Once you've made yourself a full grid of information, you can apply a bunch of crazy mathematics that can morph your information in real time, showing you new patterns in the information that you probably never thought of before. Check out the Layout menu and experiment with all the options for a real demo, which showcases what this program is really all about.
Advanced mathematics can morph your networks around in real time (as this screenshot is in the middle of doing), as your structure begins to resemble a moving, almost breathing organism.
Certain preset formulas can constellate your information, showing you new information in otherwise banal data.
Although this project still has a few kinks and interface problems, anyone interested in the flow of information and discovering patterns in any area of life definitely should check out this project. In terms of industry, social analysts looking for new patterns in society, wealth and so on would find this of particular use. I'd also like to try using it in Analytical Psychology, mapping out various constellations of ideas in someone's psyche. There are endless uses for a tool like this that are limited only by your imagination—fascinating stuff.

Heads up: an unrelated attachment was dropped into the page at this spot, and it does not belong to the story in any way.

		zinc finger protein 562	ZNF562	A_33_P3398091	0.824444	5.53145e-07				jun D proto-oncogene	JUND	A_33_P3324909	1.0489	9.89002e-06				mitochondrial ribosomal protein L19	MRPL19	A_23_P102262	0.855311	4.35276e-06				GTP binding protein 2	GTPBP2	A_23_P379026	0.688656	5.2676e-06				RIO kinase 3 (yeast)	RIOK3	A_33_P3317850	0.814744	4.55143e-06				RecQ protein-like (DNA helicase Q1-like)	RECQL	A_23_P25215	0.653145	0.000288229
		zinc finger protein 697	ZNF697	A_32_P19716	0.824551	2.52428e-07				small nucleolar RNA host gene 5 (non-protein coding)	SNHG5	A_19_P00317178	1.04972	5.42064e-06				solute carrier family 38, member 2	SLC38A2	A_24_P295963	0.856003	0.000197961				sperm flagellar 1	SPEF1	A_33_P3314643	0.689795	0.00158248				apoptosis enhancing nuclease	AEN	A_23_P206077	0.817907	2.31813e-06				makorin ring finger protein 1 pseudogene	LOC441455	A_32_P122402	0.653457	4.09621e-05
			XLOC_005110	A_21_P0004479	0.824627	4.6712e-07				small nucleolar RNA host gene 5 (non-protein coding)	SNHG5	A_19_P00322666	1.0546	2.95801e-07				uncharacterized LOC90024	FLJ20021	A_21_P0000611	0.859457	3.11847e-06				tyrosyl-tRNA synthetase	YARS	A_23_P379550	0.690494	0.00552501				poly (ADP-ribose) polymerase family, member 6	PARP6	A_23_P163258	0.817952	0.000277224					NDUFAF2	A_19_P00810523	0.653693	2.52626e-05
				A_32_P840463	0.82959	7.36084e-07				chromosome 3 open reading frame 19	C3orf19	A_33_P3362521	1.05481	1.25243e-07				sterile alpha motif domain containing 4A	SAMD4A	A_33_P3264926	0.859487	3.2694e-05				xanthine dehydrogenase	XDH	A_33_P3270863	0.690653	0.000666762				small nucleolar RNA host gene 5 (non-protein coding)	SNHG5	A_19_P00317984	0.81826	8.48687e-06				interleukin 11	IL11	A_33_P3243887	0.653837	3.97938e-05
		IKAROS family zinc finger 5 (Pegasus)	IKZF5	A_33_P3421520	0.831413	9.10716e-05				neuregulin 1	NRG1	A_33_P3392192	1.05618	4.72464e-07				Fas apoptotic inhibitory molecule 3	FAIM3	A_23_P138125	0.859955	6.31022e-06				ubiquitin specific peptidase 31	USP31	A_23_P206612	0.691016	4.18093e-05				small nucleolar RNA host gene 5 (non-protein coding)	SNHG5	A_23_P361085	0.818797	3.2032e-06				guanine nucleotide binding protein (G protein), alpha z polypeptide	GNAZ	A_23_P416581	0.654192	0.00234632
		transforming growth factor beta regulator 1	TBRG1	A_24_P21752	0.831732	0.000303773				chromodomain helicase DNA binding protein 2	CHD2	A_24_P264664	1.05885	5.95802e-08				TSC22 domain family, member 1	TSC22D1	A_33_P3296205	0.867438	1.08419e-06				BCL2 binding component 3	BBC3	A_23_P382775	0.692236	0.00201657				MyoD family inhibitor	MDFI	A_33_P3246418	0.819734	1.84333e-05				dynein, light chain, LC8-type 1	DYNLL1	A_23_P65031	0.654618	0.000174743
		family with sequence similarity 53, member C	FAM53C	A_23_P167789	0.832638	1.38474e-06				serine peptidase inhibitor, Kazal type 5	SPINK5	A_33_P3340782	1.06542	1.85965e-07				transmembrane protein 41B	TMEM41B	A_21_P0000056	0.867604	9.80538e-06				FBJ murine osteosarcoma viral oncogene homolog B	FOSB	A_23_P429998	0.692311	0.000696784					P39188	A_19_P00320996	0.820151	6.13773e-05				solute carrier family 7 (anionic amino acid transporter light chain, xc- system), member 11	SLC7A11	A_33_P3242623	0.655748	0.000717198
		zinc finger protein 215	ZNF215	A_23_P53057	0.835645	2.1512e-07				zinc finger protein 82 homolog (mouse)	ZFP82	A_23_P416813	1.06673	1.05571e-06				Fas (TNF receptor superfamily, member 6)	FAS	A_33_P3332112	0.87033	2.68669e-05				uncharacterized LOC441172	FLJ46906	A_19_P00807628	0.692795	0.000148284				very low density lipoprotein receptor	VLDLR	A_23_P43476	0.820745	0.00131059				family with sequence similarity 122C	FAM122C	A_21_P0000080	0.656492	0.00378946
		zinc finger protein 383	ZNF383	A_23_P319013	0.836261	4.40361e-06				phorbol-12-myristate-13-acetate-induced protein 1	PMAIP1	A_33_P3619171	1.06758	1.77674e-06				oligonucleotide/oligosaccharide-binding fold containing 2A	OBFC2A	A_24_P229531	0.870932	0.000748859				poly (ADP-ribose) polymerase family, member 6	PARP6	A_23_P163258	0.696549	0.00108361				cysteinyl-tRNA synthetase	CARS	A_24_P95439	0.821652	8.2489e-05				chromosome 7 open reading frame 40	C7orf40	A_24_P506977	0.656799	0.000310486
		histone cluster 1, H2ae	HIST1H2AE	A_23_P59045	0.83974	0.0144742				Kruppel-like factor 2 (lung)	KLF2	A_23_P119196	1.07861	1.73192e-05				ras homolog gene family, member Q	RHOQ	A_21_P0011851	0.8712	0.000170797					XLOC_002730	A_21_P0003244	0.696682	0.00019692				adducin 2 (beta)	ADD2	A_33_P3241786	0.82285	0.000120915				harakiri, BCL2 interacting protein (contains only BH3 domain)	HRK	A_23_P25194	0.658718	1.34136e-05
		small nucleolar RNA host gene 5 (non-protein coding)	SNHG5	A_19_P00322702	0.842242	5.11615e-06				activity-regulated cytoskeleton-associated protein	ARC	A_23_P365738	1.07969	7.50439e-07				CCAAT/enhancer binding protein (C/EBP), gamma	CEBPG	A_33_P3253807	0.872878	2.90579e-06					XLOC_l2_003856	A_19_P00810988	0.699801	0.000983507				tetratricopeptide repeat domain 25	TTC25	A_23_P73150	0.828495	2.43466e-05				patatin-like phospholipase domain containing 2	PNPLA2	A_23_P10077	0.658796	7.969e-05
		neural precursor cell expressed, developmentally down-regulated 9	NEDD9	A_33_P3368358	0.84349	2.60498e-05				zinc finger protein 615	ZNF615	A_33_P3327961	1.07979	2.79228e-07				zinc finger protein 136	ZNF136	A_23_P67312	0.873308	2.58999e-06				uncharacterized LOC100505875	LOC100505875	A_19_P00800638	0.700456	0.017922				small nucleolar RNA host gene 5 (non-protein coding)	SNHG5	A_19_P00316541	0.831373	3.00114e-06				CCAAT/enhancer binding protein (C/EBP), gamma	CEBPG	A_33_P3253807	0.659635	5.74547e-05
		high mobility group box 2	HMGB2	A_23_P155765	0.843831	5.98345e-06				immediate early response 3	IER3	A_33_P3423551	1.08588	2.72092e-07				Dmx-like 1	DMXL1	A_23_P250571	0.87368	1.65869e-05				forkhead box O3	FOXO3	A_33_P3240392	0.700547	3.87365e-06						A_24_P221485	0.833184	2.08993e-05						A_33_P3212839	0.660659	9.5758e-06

Brewing something fresh, innovative or mind-bending? Send e-mail to firstname.lastname@example.org.
John Knight is a 25-year-old, drumming- and climbing-obsessed maniac from the world's most isolated city—Perth, Western Australia. He can usually be found either buried in an Audacity screen or thrashing a kick-drum beyond recognition.